Actor, presenter and comedian famed for his role as Adam Williams in the romantic comedy-drama Cold Feet.
James Nesbitt grew up in the village of Broughshane, before moving to Coleraine, County Londonderry. Wanting to be a teacher like his father, he began a degree in French at the University of Ulster but dropped out after a year to pursue an acting career, transferring to the Central School of Speech and Drama in London.
After graduating in 1987, James spent seven years performing in plays that varied from the musical Up on the Roof to the political drama Paddywack. He made his feature film debut playing talent agent Fintan O’Donnell in Hear My Song, which was nominated for Best Original Screenplay at the 1993 BAFTA awards.
James Nesbitt got his breakthrough television role in the romantic comedy-drama Cold Feet, winning him a British Comedy Award, a Television and Radio Industries Club Award, and a National Television Award.
In 1998, James landed his first significant film role as pig farmer “Pig” Finn in Waking Ned. With the rest of the starring cast, Nesbitt was nominated for a Screen Actors Guild Award. In Lucky Break (2001), he made his debut as a film lead, playing prisoner Jimmy Hands.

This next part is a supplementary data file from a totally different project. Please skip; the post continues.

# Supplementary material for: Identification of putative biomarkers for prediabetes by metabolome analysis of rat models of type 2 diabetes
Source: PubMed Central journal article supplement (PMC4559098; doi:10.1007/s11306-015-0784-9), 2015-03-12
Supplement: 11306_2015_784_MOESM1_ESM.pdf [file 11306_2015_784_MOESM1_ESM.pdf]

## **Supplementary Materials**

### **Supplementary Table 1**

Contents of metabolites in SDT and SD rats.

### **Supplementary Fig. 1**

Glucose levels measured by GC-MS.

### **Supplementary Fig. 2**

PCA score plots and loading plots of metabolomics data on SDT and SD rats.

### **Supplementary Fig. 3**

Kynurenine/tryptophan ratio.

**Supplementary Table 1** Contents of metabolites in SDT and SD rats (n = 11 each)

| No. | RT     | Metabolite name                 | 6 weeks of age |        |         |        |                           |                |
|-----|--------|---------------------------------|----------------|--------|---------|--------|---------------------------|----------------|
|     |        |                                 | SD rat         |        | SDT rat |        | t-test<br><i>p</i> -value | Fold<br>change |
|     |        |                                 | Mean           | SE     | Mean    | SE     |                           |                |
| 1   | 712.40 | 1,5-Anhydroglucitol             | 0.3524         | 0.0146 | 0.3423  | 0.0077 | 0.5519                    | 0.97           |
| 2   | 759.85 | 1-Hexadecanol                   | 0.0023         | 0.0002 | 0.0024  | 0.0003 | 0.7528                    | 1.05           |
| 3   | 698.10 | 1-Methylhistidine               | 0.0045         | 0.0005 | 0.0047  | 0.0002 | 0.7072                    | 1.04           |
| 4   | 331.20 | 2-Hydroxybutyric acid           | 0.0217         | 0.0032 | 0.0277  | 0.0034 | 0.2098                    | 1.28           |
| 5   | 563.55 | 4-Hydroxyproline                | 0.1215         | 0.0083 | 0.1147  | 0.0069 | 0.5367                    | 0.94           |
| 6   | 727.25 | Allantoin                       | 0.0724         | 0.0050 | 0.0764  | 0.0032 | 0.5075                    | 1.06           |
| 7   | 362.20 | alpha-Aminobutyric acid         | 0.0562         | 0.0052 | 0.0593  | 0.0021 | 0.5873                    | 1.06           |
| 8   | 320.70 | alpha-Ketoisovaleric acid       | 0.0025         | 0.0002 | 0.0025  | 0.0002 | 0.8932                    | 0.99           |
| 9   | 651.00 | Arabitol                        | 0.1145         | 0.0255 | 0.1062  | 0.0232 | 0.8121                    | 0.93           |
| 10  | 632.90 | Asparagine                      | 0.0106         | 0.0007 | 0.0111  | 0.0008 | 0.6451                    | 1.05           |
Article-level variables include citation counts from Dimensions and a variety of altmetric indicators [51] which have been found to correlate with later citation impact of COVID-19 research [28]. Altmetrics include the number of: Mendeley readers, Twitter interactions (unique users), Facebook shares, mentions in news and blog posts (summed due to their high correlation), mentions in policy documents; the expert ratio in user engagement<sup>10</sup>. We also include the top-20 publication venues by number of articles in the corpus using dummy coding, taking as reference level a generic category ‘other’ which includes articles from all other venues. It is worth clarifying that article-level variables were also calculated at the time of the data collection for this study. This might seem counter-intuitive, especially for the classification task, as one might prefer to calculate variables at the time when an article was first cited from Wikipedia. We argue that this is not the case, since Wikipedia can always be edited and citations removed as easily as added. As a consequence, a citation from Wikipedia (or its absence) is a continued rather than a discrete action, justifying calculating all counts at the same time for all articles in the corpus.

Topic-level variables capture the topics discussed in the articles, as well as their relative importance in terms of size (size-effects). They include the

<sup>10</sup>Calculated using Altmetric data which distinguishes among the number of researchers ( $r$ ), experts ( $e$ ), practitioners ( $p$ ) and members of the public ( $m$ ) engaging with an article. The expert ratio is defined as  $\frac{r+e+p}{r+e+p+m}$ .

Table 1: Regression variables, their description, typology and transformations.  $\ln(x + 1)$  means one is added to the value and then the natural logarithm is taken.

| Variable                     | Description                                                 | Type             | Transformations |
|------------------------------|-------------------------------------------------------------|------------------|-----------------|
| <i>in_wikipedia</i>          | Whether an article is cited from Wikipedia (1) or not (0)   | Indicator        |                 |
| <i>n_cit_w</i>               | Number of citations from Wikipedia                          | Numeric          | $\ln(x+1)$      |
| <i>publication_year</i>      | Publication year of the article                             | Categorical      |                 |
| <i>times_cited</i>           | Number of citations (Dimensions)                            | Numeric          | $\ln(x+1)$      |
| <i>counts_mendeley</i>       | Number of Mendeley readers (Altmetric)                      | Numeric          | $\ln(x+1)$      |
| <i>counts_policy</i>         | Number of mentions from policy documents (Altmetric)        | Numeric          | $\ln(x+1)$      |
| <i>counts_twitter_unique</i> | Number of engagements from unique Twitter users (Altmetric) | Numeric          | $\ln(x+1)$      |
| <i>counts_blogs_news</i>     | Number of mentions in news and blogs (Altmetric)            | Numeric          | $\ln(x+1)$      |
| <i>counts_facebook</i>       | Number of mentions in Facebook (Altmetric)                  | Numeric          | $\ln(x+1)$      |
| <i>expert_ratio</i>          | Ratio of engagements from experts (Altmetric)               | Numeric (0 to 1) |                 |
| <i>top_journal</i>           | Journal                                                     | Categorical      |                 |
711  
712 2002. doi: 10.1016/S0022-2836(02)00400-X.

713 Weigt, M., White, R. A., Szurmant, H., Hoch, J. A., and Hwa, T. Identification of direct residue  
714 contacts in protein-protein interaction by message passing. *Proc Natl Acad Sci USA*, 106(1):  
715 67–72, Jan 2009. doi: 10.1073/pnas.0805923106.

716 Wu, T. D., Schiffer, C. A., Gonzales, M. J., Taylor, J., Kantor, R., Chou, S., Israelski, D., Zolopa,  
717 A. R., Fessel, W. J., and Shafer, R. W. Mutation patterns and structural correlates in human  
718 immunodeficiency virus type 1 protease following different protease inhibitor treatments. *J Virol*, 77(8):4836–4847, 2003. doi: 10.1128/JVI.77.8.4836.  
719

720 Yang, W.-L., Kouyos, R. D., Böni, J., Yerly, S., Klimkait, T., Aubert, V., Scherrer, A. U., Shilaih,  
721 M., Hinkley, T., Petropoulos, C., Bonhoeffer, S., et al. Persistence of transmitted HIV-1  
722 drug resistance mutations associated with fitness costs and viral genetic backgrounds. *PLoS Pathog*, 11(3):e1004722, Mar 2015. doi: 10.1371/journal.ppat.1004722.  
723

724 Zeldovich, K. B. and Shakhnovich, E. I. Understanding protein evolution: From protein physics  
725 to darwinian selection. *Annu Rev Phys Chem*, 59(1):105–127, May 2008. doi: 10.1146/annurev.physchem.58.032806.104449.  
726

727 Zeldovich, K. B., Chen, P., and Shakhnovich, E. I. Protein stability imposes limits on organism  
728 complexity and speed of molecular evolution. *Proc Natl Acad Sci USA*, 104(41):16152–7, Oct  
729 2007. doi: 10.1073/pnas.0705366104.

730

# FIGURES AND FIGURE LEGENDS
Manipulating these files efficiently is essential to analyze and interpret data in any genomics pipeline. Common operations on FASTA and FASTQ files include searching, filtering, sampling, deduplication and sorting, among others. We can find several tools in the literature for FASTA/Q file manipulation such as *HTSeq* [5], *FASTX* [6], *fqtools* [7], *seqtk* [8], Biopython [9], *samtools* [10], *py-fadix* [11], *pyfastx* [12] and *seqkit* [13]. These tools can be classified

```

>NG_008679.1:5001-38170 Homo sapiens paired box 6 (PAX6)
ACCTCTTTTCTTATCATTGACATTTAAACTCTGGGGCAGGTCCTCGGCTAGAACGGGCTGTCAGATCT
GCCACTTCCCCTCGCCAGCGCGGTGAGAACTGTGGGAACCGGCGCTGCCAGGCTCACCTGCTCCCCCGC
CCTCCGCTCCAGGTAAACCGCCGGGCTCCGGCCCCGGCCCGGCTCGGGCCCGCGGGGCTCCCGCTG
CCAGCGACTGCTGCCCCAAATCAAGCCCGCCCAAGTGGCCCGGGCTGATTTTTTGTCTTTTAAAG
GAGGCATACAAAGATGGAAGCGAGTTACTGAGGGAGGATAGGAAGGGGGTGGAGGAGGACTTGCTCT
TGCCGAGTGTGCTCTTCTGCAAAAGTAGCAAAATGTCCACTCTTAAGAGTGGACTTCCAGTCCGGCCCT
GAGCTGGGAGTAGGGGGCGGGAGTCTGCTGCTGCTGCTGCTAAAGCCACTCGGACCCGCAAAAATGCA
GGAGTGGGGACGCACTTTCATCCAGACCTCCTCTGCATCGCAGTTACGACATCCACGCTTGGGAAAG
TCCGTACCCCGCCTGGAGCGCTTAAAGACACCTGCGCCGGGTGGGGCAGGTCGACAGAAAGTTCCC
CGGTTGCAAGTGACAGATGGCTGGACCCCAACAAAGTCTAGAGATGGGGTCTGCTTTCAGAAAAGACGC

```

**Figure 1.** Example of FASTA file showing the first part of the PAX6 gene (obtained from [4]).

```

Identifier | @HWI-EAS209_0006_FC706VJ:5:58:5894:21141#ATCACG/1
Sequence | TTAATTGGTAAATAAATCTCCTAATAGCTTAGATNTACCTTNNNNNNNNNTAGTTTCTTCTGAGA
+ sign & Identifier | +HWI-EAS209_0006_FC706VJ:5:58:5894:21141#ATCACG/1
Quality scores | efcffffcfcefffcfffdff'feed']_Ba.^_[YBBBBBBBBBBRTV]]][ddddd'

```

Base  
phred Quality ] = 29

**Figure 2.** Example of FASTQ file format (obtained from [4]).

The next year, James played Ivan Cooper in Bloody Sunday, a TV-film based on the 1972 shootings in Derry. A departure from his previous “cheeky chappie” roles, the film marked a turning point in his career. He won a British Independent Film Award and was nominated for the British Academy Television Award for Best Actor.
Nesbitt also starred in Murphy’s Law from 2001 to 2007 as undercover detective Tommy Murphy, a role created for him by writer Colin Bateman.
James starred in the dual role of Tom Jackman and Mr Hyde in Steven Moffat’s Jekyll, his performance earning him a Golden Globe Award nomination in 2008. He has since appeared in several more dramatic roles, starring alongside Liam Neeson in Five Minutes of Heaven and as one of the three lead actors in the television miniseries Occupation.
In 2010, James starred in the movies Outcast and The Way and, from 2012 to 2014, portrayed Bofur in Peter Jackson’s three-part film adaptation of The Hobbit.